August 7, 2013 9:10 am

Japan poised to intervene in Fukushima clean-up

Members of a Fukushima prefecture panel, which monitors the safe decommissioning of the nuclear plant, inspect the construction site of the shore barrier, which is meant to stop radioactive water from leaking into the sea, near the No.1 and No.2 reactor building of the tsunami-crippled Fukushima Daiichi nuclear power plant in Fukushima, in this photo released by Kyodo August 6, 2013. Highly radioactive water seeping into the ocean from Japan's crippled Fukushima nuclear plant is creating an "emergency" that the operator is struggling to contain, an official from the country's nuclear watchdog said on Monday©Reuters

Japan’s government is preparing to take a more direct role in the clean-up effort at Fukushima Daiichi nuclear power station, in an acknowledgment that Tokyo Electric Power (Tepco), the stricken plant’s operator, is struggling to solve a crisis over leaking contaminated water.

Officials said on Wednesday that Tokyo would fund an unprecedented operation to freeze the ground around sensitive parts of the plant, to prevent groundwater from seeping in and mixing with dangerously irradiated coolant water.

A toxic mix of runoff and coolant is flowing back out of the battered facility and into the ocean at a rate of about 300 tonnes a day, according to the environment ministry.

“This is a critical issue of strong interest to the Japanese people,” Shinzo Abe, prime minister, told reporters after a meeting of the government’s accident-response team. “Instead of leaving everything to Tepco, we need to create a firm national strategy.”

Tepco has been criticised for failing to stop the leaks and for its slowness in disclosing the problem, which outside experts had first identified several months ago. The utility’s miscues have revived memories of its widely condemned response to the tsunami-induced meltdowns of three reactors at Fukushima Daiichi in 2011.

A perception that it failed to provide clear explanations, and reflexively played down the extent of the damage, led to promises of greater transparency and a revamped “safety culture” – pledges that are coming under fresh scrutiny as a result of the leaks.

“Tepco’s actions are reactive and slow,” Kiyoshi Takasaka, a member of a committee of nuclear experts advising Fukushima prefecture, told Japanese media on Wednesday. Other members of the committee called Tepco’s handling of the water problem “haphazard” and complained that the utility lacked a convincing containment strategy.

It was unclear how much of a threat the leaks, equivalent to 1,500 oil drums a day, posed to humans or the environment. Tepco and outside experts have said the impact on areas beyond the plant’s immediate vicinity was likely tiny, since radioactive particles would be quickly dispersed into statistically harmless concentrations.

Still, the fact that Tepco has not been able to identify the source of the leaks, and the prospect that they could persist for months or years, has worried specialists and the public. The issue could influence a national debate over whether to allow the resumption of operations at dozens of other nuclear facilities that have been idled over safety concerns.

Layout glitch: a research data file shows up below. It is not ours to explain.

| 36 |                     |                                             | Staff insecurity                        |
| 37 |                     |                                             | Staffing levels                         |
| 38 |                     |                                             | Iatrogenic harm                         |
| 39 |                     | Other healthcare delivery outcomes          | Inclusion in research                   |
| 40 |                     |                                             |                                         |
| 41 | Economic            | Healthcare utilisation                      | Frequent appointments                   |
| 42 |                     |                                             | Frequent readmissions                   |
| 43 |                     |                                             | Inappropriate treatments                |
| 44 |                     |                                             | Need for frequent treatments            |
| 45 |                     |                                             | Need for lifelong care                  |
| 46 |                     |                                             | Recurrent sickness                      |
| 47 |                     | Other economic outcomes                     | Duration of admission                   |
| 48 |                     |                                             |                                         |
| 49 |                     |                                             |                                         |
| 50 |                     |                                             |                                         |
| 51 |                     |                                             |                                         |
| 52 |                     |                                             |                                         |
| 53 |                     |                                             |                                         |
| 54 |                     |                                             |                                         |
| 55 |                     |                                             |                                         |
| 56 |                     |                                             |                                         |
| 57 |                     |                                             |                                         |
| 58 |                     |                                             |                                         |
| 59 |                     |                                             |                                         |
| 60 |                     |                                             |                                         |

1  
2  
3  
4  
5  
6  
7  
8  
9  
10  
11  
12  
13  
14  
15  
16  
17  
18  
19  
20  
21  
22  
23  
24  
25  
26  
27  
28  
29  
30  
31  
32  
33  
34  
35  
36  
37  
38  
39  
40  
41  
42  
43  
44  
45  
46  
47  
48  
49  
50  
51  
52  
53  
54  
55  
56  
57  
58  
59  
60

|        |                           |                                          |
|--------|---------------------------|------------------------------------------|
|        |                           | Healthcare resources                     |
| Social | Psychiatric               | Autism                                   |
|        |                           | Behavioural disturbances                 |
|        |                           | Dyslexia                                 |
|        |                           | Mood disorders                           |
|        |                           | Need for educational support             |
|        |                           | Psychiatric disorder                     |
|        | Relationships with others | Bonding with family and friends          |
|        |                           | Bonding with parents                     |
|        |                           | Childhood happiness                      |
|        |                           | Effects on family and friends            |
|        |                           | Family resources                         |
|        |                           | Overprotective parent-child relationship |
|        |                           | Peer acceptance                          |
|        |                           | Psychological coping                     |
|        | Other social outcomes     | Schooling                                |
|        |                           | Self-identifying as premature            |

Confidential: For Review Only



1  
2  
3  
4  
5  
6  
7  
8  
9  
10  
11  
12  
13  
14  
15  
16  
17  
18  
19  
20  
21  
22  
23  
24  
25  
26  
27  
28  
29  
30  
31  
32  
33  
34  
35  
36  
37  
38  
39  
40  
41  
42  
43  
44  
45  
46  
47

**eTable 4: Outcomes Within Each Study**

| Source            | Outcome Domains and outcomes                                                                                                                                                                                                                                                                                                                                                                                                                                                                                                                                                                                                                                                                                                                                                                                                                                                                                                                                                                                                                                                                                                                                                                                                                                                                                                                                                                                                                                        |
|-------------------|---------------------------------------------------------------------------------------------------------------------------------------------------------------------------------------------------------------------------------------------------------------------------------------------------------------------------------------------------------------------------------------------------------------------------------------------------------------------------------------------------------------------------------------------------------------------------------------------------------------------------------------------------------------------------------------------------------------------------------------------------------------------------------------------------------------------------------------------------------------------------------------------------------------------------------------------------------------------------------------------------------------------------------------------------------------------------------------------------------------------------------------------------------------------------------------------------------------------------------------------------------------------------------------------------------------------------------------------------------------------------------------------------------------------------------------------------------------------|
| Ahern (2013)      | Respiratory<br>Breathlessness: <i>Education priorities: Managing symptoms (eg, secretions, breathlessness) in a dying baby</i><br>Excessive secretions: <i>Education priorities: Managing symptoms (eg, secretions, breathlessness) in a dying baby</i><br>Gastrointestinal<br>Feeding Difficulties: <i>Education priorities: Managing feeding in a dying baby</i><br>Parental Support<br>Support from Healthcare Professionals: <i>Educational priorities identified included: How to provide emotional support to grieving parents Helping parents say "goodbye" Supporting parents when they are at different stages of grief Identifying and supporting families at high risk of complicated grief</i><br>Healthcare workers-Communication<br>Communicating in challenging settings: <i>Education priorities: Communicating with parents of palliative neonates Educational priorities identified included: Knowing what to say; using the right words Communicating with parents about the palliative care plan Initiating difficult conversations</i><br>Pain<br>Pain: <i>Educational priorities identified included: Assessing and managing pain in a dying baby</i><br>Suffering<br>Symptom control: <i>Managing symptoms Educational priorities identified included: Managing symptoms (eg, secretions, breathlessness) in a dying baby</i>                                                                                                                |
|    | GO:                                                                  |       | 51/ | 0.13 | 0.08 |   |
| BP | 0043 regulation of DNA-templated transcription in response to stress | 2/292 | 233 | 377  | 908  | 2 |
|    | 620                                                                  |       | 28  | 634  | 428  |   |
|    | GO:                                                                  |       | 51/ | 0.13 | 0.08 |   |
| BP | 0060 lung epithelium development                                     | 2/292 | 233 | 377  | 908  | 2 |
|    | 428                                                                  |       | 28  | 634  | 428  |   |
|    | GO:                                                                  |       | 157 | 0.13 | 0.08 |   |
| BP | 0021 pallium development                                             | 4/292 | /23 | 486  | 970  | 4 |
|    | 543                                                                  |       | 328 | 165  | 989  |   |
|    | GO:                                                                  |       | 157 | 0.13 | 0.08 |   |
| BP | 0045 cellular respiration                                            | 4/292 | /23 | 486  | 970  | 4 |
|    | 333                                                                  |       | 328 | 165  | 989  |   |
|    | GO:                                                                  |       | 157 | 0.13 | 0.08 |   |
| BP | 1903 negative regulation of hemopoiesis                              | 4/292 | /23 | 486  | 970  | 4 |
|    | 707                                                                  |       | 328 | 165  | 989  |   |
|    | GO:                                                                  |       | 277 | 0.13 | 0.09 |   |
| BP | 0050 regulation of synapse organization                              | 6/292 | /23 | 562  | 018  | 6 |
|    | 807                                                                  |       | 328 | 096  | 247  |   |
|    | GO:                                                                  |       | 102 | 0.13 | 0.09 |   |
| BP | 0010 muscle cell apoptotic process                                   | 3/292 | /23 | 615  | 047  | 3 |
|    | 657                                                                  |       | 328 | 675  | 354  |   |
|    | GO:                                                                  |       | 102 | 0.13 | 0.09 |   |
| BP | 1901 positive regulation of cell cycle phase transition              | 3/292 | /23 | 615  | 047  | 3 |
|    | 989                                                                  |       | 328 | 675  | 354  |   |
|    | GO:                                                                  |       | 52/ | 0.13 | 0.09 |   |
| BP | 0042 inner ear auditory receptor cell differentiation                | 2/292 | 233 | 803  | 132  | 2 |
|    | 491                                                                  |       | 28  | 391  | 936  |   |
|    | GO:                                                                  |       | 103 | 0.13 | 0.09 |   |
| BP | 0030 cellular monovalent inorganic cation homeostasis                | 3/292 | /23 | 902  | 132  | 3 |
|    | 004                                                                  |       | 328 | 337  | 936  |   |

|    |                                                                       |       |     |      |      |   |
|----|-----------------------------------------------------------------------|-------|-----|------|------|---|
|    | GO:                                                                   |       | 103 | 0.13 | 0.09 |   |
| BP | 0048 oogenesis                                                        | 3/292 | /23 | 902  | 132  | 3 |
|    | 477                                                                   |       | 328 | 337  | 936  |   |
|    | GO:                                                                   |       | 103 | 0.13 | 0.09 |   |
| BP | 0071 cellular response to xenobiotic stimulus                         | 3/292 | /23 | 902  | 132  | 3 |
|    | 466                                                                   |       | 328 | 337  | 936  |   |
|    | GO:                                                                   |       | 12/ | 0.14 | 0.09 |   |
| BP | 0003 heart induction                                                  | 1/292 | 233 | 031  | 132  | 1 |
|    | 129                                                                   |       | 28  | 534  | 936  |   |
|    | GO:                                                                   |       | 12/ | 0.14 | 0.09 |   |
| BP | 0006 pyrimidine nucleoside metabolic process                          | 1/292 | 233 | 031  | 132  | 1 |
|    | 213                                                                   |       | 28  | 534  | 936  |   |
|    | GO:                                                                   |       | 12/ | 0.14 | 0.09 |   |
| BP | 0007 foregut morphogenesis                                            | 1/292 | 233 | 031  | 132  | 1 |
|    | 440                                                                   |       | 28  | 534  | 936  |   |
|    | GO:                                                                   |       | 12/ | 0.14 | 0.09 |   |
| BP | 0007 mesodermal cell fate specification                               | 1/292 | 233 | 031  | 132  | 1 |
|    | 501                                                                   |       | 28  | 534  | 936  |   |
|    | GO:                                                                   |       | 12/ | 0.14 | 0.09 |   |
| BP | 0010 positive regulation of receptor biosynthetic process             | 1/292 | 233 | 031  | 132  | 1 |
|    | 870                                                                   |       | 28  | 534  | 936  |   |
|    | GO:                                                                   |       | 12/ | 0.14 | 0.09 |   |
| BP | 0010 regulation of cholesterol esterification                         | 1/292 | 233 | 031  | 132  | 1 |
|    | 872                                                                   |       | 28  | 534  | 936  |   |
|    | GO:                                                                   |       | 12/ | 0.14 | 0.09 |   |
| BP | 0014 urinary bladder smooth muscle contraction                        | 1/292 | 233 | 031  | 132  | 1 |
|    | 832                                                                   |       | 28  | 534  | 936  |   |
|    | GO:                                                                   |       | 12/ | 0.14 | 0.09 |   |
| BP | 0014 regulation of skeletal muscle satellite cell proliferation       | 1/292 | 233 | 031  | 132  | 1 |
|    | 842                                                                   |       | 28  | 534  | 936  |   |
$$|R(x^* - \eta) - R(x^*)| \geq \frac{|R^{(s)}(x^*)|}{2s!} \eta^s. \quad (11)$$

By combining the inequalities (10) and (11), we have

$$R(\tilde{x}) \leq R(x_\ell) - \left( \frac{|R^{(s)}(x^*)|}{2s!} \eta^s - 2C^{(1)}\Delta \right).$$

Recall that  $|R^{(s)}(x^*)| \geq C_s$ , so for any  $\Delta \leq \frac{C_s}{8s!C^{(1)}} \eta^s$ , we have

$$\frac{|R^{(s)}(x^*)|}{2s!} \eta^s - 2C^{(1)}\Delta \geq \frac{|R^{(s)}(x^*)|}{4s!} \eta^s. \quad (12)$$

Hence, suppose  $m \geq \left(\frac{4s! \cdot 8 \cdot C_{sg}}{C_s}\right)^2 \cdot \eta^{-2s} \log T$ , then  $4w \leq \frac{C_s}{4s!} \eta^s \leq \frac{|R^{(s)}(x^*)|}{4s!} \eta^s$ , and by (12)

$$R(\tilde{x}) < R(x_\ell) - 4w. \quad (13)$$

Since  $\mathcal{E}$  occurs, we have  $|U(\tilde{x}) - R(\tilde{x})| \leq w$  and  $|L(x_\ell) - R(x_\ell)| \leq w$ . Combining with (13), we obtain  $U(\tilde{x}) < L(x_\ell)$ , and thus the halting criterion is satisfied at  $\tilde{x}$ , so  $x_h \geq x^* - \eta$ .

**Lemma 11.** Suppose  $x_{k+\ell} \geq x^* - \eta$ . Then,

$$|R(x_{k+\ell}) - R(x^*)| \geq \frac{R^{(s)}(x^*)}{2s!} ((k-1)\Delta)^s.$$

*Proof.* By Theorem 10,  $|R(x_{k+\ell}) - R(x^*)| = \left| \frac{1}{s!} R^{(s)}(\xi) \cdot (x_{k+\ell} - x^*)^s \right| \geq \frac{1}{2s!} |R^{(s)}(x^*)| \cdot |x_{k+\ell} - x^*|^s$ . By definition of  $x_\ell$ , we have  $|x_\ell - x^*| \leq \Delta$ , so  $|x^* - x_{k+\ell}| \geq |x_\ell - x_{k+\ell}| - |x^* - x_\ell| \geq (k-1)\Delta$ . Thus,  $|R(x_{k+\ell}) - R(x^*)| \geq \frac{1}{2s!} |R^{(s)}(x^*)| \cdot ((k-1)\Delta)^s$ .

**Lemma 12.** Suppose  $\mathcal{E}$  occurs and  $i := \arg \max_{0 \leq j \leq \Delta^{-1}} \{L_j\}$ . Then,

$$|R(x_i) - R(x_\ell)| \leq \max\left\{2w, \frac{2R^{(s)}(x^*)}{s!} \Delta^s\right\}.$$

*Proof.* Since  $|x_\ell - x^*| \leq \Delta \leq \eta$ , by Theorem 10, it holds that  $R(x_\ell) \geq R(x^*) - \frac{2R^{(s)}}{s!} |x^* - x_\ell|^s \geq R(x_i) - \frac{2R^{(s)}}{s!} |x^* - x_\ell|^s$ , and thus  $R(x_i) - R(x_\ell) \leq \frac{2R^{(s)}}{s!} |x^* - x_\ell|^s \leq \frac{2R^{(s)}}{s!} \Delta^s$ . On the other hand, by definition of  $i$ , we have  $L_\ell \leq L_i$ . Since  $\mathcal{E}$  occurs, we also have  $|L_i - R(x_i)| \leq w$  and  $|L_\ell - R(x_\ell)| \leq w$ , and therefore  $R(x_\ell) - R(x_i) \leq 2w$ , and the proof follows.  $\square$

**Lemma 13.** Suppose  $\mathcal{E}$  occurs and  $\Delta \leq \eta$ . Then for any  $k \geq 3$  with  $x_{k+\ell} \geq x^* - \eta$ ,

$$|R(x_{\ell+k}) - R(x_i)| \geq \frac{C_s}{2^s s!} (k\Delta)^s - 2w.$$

The ground-freezing project involves drilling several shafts into a 1.4km perimeter around the damaged reactors, then pouring in chemical coolant. The plan was proposed by Kajima, a Japanese construction company, and is projected to cost at least Y40bn, though there are few certainties about either the technology or the price tag.

“There’s no blueprint, no nothing yet, so there’s no way we can scrutinise it,” said Shinji Kinjo, the head of a task force set up by Nuclear Regulatory Authority to deal with the water issue.

Tepco has attempted to seal off a smaller area where the toxic-water outflow appears to be strongest, by hardening the ground with injections of sodium silicate. But water quickly filled the zone and began flowing over top of the silicate “wall”.

The government effectively nationalised Tepco after the accident, but its financial and logistical involvement in the clean-up has been mostly indirect so far. Decommissioning the facility is already expected to take decades and cost more than $10bn dollars.

“Tepco’s actions are reactive and slow,” Kiyoshi Takasaka, a member of a committee of nuclear experts advising Fukushima prefecture, told Japanese media on Wednesday. Other members of the committee called Tepco’s handling of the water problem “haphazard” and complained that the utility lacked a convincing containment strategy.

Specialists have said that, at the current rate of leakage, the water does not pose a serious threat to humans or the environment beyond the area immediately around the plant. That is because the level of contamination is low enough that, even with hundreds of tonnes escaping each day, the toxins are quickly dispersed, and add only imperceptibly to the level of naturally occurring radiation in the sea.

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